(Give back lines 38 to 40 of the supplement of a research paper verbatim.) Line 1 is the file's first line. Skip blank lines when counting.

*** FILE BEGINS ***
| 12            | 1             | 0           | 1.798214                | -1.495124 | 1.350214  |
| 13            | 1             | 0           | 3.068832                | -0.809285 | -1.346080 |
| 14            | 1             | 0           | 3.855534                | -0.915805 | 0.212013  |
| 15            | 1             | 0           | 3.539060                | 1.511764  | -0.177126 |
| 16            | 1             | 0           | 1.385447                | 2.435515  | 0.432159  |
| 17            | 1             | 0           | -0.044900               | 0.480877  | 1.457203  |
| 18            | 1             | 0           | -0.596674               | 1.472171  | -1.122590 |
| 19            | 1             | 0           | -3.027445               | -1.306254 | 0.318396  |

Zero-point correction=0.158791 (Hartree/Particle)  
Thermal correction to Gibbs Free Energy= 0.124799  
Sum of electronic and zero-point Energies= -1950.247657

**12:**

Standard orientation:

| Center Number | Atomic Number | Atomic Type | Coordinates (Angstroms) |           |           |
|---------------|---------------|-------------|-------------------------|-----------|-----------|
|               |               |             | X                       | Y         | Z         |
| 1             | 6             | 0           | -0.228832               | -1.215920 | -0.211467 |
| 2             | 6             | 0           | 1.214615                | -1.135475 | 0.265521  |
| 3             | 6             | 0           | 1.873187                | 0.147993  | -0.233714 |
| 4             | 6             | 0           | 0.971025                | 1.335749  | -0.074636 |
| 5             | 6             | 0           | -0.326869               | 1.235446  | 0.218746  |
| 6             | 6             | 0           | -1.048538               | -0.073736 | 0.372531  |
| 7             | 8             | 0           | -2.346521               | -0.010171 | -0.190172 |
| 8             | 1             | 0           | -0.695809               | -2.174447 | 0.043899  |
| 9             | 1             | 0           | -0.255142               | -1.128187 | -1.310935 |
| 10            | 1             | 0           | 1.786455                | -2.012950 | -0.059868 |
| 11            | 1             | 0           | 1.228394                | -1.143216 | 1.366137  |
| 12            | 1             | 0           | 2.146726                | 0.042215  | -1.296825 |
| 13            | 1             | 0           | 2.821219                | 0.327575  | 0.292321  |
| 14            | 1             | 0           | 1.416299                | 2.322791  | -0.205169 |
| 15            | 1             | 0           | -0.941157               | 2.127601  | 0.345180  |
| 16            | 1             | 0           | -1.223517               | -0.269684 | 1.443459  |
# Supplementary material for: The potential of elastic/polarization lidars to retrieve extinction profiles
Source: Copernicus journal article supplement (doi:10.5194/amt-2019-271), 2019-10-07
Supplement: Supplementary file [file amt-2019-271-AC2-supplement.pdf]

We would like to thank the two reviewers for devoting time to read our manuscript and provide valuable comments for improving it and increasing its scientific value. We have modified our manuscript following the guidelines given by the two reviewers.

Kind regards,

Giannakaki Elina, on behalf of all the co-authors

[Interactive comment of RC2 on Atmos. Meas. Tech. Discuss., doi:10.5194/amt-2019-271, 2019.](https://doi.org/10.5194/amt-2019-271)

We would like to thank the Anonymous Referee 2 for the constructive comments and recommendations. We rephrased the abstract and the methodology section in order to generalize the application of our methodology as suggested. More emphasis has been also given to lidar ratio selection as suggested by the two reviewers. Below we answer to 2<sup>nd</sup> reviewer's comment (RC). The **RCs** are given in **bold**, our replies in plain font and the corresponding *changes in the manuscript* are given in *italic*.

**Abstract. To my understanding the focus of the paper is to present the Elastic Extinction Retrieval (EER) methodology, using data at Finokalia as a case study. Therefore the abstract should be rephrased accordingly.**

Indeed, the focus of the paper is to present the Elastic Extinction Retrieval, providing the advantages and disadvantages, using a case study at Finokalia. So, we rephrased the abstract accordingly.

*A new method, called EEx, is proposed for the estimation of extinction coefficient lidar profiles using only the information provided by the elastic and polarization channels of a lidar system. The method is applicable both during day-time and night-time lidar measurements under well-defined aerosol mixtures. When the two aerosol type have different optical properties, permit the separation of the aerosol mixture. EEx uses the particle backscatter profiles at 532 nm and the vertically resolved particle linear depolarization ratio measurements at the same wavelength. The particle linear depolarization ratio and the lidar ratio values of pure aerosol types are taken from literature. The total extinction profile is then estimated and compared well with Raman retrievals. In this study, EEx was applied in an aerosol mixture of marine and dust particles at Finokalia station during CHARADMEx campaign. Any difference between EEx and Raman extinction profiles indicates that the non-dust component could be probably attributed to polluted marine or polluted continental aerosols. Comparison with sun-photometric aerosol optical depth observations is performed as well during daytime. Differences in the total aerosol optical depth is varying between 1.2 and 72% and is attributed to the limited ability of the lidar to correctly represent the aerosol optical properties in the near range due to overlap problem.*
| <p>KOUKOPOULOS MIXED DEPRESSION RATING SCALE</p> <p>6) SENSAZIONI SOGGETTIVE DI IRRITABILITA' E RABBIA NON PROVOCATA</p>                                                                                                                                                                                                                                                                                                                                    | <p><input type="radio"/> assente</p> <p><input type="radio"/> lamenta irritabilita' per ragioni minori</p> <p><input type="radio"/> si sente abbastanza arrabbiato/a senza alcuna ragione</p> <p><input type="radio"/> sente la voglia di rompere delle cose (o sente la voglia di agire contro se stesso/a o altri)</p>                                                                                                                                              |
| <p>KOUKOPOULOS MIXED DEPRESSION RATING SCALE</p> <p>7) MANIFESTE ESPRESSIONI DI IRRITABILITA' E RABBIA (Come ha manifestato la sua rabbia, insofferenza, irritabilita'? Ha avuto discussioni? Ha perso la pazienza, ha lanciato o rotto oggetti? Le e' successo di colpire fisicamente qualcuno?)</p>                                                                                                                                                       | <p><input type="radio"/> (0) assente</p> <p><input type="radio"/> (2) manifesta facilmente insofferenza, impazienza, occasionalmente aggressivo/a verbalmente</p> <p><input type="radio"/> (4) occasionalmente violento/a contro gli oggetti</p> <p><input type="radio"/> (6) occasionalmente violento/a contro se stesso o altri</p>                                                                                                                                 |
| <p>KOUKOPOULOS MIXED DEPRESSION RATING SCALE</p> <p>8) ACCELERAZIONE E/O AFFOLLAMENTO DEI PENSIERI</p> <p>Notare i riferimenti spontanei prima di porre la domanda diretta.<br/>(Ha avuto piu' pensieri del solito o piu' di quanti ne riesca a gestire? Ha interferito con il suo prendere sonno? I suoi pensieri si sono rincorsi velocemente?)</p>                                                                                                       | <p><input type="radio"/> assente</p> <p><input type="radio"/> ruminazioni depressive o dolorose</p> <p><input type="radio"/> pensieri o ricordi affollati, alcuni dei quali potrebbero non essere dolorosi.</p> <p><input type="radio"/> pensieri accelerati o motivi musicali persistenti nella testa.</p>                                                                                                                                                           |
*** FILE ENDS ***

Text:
Giannakaki Elina, on behalf of all the co-authors

[Interactive comment of RC2 on Atmos. Meas. Tech. Discuss., doi:10.5194/amt-2019-271, 2019.](https://doi.org/10.5194/amt-2019-271)

We would like to thank the Anonymous Referee 2 for the constructive comments and recommendations. We rephrased the abstract and the methodology section in order to generalize the application of our methodology as suggested. More emphasis has been also given to lidar ratio selection as suggested by the two reviewers. Below we answer to 2<sup>nd</sup> reviewer's comment (RC). The **RCs** are given in **bold**, our replies in plain font and the corresponding *changes in the manuscript* are given in *italic*.